Justice Ruth Bader Ginsburg was first out of the gate with a nod to the “considerable history of disturbances” outside of reproductive health clinics and the state’s inability to pick out bad actors in advance of any given moment. Justice Stephen Breyer acknowledged the limitations of the judiciary, reminding counsel that “we’re not legislators” and suggesting that the Court did not have the basis to demand more than a “reasonable record” from policymakers. And Justice Kagan took issue with a hypothetical situation proposed by Mr. Rienzi, which featured animal rights activists who wish to persuade the employees of a slaughterhouse. “You must have used it for me to say, oh, that’s terrible,” she said. “But my reaction was kind of, ‘What’s wrong with that? Just have everyone take a step back.’”
  • December 5, 2013
    Guest Post
    by Erwin Chemerinsky, Dean and Distinguished Professor of Law, Raymond Pryke Professor of First Amendment Law and ACS Faculty Advisor, University of California, Irvine School of Law
    United States v. Apel, which I argued in the Supreme Court on December 4, involves the right to protest outside of a closed military base. Vandenberg Air Force Base, located in California, is surrounded by a fenced perimeter and entering requires going through a gate with an armed guard. About two hundred yards from the perimeter the military has painted a green line on the ground. Just outside this green line is Highway 1, Pacific Coast Highway. The military has given an easement to California for Highway 1, which is a fully open road with no signs to even indicate that it is part of the base. On the edge of Highway 1, on the public side of the green line, there is a designated protest zone.
    My client, Dennis Apel, has been protesting outside of Vandenberg Air Force Base for the last 17 years. In 2003, right before the Iraq war, he threw blood against the wall, just inside the green line, which says, “Vandenberg Air Force Base.” He was convicted of vandalism and spent a short time in jail. He was issued a bar order keeping him from the base. In 2007, he went into the base in violation of his bar letter and was given a letter permanently barring him from entering Vandenberg.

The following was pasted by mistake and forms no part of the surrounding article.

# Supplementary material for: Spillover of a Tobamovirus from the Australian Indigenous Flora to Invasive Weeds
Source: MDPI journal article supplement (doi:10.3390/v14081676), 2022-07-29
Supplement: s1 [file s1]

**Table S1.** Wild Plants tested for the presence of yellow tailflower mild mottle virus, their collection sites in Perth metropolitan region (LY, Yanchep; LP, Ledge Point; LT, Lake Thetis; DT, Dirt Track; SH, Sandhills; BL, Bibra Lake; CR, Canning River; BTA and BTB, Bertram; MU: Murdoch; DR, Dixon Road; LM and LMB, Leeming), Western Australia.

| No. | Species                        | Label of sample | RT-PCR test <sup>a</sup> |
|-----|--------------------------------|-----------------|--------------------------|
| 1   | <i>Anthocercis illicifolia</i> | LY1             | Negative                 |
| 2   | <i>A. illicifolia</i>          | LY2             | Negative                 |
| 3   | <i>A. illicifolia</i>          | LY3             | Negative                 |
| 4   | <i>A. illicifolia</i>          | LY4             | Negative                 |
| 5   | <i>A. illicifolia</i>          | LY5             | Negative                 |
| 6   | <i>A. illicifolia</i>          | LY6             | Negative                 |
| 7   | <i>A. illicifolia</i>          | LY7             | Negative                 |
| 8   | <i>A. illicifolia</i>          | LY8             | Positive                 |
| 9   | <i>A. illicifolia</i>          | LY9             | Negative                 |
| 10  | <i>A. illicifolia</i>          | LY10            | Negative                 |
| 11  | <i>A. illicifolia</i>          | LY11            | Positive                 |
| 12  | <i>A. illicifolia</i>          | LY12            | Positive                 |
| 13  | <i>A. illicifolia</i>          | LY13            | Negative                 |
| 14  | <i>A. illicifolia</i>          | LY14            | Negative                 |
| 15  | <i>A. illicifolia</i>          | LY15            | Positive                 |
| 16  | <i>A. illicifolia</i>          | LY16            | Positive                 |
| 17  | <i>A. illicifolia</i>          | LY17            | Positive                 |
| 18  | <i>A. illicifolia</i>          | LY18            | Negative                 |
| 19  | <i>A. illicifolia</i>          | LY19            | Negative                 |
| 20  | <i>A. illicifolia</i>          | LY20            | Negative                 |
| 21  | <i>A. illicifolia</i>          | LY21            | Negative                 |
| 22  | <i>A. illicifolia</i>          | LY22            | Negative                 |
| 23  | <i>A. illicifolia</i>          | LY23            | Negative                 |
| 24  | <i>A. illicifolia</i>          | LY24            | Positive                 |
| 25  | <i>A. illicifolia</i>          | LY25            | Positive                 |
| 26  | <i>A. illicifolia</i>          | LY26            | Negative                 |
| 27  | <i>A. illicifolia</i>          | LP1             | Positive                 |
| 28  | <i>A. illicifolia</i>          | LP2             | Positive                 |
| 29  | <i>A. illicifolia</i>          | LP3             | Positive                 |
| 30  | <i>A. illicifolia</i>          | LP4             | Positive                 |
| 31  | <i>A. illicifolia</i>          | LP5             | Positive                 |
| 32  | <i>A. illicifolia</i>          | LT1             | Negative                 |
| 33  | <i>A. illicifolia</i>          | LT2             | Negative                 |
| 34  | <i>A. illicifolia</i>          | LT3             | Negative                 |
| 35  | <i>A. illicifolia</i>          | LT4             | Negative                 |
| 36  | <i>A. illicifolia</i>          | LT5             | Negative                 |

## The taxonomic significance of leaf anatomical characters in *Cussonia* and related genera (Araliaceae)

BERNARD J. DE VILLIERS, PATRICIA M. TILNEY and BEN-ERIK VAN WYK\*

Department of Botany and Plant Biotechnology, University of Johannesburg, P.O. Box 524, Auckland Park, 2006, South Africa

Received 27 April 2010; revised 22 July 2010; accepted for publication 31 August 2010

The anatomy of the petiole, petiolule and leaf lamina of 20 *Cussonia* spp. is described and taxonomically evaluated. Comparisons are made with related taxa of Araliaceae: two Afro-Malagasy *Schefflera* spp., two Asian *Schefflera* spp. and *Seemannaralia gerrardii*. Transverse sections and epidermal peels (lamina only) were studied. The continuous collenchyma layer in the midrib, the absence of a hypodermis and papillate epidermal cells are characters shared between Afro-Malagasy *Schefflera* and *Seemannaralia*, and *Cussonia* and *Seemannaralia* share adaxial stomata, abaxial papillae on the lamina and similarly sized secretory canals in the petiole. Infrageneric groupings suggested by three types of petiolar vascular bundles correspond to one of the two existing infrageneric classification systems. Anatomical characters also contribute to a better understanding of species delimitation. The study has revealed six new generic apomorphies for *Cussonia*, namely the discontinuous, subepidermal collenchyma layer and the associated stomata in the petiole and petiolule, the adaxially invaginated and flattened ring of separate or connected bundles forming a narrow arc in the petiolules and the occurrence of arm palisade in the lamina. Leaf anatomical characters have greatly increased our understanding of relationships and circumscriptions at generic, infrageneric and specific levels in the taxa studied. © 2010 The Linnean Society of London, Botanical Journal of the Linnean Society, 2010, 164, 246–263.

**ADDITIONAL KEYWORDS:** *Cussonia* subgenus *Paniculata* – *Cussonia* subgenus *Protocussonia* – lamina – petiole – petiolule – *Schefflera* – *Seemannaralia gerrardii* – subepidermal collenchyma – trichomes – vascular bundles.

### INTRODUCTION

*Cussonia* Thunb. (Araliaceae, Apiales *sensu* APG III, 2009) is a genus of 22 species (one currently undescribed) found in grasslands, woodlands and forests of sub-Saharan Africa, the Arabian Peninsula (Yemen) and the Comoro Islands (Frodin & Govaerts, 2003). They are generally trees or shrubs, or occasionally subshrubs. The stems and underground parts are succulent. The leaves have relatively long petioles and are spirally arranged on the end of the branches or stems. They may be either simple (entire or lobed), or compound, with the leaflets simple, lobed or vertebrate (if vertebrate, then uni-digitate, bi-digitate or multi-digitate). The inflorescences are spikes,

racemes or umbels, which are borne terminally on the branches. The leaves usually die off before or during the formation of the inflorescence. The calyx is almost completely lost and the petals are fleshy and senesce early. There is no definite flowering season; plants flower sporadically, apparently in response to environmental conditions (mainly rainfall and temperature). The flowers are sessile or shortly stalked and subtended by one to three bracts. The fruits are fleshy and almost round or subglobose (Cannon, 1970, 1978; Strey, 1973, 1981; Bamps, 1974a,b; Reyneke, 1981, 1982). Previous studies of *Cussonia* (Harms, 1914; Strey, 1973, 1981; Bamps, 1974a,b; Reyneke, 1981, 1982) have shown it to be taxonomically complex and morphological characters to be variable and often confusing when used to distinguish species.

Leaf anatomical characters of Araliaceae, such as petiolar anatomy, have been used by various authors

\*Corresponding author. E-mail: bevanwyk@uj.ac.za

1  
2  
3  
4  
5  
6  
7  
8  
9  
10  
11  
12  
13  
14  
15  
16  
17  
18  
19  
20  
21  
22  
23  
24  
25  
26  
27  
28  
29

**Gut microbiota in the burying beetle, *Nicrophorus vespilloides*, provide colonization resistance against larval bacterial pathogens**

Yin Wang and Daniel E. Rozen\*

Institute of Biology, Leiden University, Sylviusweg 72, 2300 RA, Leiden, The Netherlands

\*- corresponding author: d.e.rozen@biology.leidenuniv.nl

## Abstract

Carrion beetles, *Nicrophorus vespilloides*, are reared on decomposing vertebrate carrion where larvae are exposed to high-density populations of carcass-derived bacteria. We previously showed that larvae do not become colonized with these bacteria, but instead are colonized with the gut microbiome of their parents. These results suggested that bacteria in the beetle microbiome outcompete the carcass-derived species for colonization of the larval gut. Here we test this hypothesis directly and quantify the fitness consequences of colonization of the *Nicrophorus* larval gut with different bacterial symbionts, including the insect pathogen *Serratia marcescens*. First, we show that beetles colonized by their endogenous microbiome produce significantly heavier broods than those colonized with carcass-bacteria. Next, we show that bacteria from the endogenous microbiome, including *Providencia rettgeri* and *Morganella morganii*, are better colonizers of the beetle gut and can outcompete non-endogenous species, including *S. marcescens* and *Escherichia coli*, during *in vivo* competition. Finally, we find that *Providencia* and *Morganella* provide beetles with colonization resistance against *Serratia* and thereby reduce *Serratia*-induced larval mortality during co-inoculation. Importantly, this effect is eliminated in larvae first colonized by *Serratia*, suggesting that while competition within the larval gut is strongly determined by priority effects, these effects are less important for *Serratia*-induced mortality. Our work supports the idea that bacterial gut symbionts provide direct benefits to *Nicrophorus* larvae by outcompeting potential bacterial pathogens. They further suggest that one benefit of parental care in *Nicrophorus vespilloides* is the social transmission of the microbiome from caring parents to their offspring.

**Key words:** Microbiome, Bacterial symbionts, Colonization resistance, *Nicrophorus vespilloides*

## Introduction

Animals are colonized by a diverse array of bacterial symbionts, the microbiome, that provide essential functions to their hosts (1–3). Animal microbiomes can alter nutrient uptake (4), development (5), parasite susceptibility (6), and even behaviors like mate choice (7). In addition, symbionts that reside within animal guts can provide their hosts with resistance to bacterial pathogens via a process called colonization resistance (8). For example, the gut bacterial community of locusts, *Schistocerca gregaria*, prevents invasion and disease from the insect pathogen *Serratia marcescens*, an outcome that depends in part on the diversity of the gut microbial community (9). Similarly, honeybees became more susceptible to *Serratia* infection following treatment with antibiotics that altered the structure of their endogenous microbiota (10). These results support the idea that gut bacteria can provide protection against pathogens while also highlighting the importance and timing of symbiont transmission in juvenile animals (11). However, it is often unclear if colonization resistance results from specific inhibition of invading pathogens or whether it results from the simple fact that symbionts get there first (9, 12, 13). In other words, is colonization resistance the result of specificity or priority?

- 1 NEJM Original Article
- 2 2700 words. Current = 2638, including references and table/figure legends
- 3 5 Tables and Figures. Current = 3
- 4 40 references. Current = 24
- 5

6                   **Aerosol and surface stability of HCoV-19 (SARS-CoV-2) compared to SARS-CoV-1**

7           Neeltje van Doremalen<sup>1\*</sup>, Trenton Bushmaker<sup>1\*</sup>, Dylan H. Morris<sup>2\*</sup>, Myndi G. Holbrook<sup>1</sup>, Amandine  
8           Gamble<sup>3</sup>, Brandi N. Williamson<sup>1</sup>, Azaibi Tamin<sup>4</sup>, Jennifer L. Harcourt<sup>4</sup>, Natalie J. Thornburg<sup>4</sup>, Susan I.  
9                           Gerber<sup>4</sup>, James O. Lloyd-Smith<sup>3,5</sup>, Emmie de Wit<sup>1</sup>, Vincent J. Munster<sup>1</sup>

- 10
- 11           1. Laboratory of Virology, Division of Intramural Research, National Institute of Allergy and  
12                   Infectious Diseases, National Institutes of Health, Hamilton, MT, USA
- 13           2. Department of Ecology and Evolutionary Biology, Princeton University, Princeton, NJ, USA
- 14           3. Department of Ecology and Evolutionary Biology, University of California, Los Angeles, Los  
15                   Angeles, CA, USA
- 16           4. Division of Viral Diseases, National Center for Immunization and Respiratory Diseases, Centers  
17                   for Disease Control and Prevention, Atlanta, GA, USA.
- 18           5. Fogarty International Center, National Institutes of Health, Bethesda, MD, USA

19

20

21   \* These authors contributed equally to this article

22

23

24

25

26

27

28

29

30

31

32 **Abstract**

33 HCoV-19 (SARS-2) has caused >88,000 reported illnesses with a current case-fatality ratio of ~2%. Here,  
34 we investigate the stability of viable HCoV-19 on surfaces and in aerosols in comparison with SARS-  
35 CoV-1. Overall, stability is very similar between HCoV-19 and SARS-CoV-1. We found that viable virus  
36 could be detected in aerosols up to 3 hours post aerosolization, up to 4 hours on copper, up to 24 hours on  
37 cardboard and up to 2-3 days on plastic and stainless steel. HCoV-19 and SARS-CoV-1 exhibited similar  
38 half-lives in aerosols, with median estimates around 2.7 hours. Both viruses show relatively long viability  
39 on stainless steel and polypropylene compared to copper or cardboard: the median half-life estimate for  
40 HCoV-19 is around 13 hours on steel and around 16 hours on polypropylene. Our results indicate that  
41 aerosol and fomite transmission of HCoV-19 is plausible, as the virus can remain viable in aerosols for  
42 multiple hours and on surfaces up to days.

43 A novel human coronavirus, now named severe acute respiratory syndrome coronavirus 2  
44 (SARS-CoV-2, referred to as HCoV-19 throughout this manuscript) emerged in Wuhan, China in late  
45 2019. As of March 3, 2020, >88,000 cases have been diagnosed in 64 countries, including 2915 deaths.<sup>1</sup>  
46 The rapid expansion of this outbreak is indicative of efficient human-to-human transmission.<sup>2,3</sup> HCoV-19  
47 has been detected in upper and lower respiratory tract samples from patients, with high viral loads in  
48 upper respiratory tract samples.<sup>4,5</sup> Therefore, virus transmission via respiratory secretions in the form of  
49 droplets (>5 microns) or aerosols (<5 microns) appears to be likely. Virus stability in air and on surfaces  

On several occasions in 2010, he went to protest at Vandenberg. He always stayed on the public side of the green line in the public protest area on Highway 1. Military officials said that he was on base property in violation of the bar letter and ordered him to leave; when he refused he was prosecuted and convicted for violating 18 U.S.C. §1382, which prohibits entering a military base after a person has been barred.
    The United States Court of Appeals for the Ninth Circuit reversed his conviction holding that §1382 applies only if the United States has exclusive possession of the area. This is in accord with the approach followed for decades, in the Ninth Circuit and courts throughout the country.
    The United States government sought certiorari and argued that §1382 applies to all of the area owned by the United States and that national security was jeopardized by the Ninth Circuit’s approach.  There were two questions before the Supreme Court: first, does §1382 apply to this public protest zone? Second, if so, does the First Amendment protect a right to engage in peaceful protest?
  • October 4, 2013
    Guest Post
    The latest wrecking ball flailing around in the rubble of America’s election and campaign finance laws, McCutcheon v. Federal Election Commission, will be argued in the Supreme Court on October 8.  Once again we can expect counsel and some members of the Court to be on the lookout for deviant, “forbidden” thinking about money and democracy. 
    As in Citizens United in 2010, the Arizona public funding case in 2011 (American Free Enterprise Club’s Freedom Club PAC v. Bennett), and the Montana challenge to Citizens United in 2012 (American Tradition Partnership v. Bullock), the McCutcheon plaintiffs ask five members of the Court to override longstanding law,  ignore common-sense and historical conceptions of corruption, and denounce widely-shared American values such as equal participation in elections and self-government,  to impose a preference for unregulated money in elections. 
    At issue is whether the federal aggregate contribution limits (currently $48,000 to candidates and $74,000 to party committees) violate freedom of speech under the First Amendment. One plaintiff is Shaun McCutcheon, CEO of a company that services the coal and mining industry. Although he was among a handful of people who contributed hundreds of thousands of dollars to candidates and SuperPACs in the last election cycle, he claims that his freedom of speech is violated by the federal aggregate limit of $123,000. The other plaintiff is the Republican National Committee, whose members naturally wish to receive as much money as they can, and claim that the aggregate limits violate their freedom of speech.